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15 June 2019

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Equality is the key to a new Assembly — Michelle O'Neill

The governments should lay out a plan to restore the institutions and provide the basis for the progressive society demanded by the majority of citizens and MLA’s. That will require Dublin and London honouring their responsibilities and ensuring that no one will be treated as a second class citizen.

The equal treatment of all citizens is a fundamental principle of all modern societies and is core to the Good Friday Agreement. 

Martin McGuinness made it abundantly clear when he resigned as Deputy First Minister that the institutions had to be restored on the basis of the Agreement’s principles of equality and mutual respect. 

Equality isn’t a high bar. 

It isn’t an extreme demand. 

It is a baseline for good governance.

Sinn Féin entered the current talks determined to restore the institutions on that solid basis.

Working Groups chaired by Civil Servants have discussed a number of issues relevant to functioning institutions. 

However, those Working Groups haven’t addressed the core rights issues at the heart of the current impasse.

Rights that are denied here but taken for granted in Dublin, Cardiff, Edinburgh and London.

Rights that threaten no-one and protect us all.

As the co-guarantors of the Good Friday Agreement it is the duty of the two governments to uphold its principles of equality and mutual respect. 

Equality is not something that can be gifted or negotiated. The rights and identity of Irish and British citizens must both be protected. That is what equality looks like. It threatens no one and protects us all.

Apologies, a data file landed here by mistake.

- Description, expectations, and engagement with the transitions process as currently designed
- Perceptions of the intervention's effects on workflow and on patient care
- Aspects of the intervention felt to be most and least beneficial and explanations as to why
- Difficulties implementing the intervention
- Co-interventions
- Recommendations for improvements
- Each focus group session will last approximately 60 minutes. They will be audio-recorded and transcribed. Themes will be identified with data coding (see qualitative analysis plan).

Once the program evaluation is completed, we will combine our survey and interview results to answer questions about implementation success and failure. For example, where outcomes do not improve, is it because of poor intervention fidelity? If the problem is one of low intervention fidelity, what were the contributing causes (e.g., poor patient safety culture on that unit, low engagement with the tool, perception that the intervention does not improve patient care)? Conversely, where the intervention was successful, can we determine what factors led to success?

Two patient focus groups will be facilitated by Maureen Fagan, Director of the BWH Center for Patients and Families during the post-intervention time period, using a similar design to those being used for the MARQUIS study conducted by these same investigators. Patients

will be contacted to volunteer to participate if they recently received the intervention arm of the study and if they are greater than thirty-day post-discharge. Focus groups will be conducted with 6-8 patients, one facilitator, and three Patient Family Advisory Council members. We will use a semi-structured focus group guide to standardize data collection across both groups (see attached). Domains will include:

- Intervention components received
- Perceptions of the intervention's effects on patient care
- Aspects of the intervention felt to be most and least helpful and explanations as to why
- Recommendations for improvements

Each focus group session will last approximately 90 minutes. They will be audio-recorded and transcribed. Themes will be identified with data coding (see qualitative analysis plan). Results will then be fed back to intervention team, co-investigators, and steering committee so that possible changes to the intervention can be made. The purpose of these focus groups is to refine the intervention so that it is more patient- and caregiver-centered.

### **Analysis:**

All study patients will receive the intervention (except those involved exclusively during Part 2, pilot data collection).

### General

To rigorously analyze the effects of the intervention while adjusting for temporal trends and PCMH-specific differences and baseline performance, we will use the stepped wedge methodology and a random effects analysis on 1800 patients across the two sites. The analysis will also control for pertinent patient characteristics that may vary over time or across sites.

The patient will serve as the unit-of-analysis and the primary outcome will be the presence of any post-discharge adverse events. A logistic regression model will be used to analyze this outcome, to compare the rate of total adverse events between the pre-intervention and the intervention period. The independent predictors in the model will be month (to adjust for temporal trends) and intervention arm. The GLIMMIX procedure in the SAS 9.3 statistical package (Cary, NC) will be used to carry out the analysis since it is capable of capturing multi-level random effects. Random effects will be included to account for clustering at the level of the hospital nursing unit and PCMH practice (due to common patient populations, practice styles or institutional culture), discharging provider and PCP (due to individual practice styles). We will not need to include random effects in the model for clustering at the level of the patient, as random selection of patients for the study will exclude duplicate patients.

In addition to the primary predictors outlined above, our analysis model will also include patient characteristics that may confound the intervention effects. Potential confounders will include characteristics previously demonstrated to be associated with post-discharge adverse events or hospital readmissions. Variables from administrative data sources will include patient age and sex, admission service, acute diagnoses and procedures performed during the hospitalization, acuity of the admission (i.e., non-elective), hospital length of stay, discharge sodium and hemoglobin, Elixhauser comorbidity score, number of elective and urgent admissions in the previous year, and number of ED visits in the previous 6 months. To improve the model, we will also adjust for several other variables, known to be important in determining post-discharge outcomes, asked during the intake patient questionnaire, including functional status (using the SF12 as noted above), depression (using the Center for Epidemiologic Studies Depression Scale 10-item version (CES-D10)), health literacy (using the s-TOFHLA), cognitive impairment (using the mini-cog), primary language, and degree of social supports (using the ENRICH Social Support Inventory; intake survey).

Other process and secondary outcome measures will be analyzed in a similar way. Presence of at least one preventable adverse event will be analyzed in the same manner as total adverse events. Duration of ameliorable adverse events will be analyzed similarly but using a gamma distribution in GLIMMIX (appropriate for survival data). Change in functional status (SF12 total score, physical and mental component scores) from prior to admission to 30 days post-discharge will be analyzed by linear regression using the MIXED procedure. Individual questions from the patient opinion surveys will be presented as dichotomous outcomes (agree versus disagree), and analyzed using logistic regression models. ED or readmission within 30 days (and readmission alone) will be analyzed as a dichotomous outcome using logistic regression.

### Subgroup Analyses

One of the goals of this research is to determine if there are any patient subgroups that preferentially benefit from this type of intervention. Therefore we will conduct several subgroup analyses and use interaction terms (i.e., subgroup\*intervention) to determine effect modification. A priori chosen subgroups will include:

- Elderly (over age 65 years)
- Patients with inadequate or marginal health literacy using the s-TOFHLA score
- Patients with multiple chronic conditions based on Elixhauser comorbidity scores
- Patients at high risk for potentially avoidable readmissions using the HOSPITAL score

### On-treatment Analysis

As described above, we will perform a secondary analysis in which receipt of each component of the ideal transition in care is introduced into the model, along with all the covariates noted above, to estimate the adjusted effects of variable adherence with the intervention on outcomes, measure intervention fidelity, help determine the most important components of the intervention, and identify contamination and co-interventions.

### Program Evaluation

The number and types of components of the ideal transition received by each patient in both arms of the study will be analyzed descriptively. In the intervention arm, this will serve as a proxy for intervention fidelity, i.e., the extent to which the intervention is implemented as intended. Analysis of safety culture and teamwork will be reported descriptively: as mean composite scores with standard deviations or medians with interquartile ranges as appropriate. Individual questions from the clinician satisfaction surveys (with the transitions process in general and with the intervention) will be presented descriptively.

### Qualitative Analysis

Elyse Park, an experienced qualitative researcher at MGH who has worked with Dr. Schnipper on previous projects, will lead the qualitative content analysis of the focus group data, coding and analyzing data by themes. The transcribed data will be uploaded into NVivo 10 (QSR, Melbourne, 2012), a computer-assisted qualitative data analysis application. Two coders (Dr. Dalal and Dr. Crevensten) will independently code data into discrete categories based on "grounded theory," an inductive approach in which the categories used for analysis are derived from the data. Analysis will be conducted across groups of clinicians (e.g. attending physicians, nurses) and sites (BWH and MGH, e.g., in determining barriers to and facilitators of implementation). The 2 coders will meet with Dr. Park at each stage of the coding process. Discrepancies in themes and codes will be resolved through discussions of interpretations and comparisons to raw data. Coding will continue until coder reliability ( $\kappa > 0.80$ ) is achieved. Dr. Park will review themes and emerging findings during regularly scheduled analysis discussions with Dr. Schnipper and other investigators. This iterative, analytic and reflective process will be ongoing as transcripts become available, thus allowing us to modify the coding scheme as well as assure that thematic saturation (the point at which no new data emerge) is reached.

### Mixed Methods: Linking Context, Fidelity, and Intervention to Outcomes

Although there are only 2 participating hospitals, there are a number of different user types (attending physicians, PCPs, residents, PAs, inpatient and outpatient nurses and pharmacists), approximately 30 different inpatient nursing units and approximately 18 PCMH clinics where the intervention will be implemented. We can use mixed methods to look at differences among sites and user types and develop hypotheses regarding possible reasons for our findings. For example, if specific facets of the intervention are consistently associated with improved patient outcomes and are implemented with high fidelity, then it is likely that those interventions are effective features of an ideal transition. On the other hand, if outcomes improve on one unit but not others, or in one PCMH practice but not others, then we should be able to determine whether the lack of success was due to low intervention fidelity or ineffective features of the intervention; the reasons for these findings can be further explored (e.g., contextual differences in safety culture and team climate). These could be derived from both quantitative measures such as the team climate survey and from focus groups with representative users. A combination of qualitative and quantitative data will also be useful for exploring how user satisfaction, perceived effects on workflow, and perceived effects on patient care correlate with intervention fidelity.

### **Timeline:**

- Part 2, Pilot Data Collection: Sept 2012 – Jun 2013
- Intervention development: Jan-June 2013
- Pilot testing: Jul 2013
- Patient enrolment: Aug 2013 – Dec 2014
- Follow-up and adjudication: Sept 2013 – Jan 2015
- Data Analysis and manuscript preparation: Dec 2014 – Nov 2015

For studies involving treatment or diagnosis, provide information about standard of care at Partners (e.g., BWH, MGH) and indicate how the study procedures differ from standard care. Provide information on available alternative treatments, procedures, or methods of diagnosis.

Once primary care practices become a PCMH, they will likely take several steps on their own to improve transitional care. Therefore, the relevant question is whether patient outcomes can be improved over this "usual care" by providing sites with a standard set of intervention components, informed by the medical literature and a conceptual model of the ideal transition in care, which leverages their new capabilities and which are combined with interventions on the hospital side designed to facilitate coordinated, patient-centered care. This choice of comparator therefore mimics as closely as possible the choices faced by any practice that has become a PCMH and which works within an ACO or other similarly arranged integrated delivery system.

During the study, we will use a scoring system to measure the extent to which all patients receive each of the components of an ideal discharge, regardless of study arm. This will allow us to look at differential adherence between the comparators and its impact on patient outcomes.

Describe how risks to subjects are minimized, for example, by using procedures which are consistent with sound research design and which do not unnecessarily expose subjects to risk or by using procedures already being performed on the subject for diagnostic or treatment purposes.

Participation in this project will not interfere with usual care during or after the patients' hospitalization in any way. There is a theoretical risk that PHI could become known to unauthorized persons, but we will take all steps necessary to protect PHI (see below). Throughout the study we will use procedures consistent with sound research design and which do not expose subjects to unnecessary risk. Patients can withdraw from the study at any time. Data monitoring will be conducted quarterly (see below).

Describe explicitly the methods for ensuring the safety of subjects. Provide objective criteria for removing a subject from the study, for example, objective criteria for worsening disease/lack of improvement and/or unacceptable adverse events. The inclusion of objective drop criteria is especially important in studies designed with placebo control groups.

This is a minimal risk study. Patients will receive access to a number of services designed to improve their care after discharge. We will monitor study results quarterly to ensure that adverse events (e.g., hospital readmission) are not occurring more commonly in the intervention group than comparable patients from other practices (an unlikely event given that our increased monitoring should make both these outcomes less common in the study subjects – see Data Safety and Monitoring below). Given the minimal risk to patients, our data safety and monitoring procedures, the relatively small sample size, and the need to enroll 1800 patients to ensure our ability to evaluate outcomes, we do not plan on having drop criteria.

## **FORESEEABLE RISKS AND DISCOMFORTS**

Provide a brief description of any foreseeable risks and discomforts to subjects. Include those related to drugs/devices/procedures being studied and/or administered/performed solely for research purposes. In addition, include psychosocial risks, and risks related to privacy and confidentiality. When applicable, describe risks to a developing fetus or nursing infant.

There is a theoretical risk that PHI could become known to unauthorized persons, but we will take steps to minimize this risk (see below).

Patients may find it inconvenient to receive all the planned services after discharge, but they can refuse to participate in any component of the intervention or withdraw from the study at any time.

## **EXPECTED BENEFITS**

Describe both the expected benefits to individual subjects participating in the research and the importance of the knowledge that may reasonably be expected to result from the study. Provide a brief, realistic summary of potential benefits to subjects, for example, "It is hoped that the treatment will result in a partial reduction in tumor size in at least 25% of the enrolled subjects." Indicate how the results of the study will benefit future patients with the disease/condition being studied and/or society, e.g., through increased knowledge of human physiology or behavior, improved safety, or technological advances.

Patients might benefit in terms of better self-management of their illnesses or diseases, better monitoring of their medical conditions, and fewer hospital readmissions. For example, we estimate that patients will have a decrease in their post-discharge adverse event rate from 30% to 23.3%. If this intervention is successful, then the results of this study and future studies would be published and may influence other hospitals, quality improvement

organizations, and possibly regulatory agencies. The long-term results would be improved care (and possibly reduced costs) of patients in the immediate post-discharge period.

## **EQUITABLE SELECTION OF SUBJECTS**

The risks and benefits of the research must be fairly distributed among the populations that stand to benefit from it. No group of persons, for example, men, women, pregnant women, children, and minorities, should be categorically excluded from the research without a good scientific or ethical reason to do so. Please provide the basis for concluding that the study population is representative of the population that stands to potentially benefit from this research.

A new Assembly and new kind of politics is possible.

In my view it should be inclusive and an equal partnership coalition Government.

And never again can we see scandals and unethical behaviour at the heart of government.

We need Civil Service reforms and proper checks and balances.

Public confidence must be earned and trust rebuilt if the institutions are to have any credibility.

Nationalism and Unionism are diametrically opposed ideologically and politically but it is the job of political leaders to bridge that divide, exercise our responsibilities in good faith, and seek resolutions rather than recrimination.

There is no future in the past.

Sinn Féin is a party of real and meaningful dialogue.

We have invested in and are fully committed to the Good Friday Agreement institutions but they must operate on the basis and spirt in which they were created.

Despite the challenges of the Brexit referendum and austerity we want an Executive driving economic development, investment and jobs and fixing our health service.

The governments should lay out a plan to restore the institutions and provide the basis for the progressive society demanded by the majority of citizens and MLA’s.

That will require Dublin and London honouring their responsibilities and ensuring that no one will be treated as a second class citizen. 

A deal can be done but it is time for the serious negotiations to start. 

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Uncomfortable Conversations 

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An initiative for dialogue 

for reconciliation 

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Contributions from key figures in the churches, academia and wider civic society as well as senior republican figures


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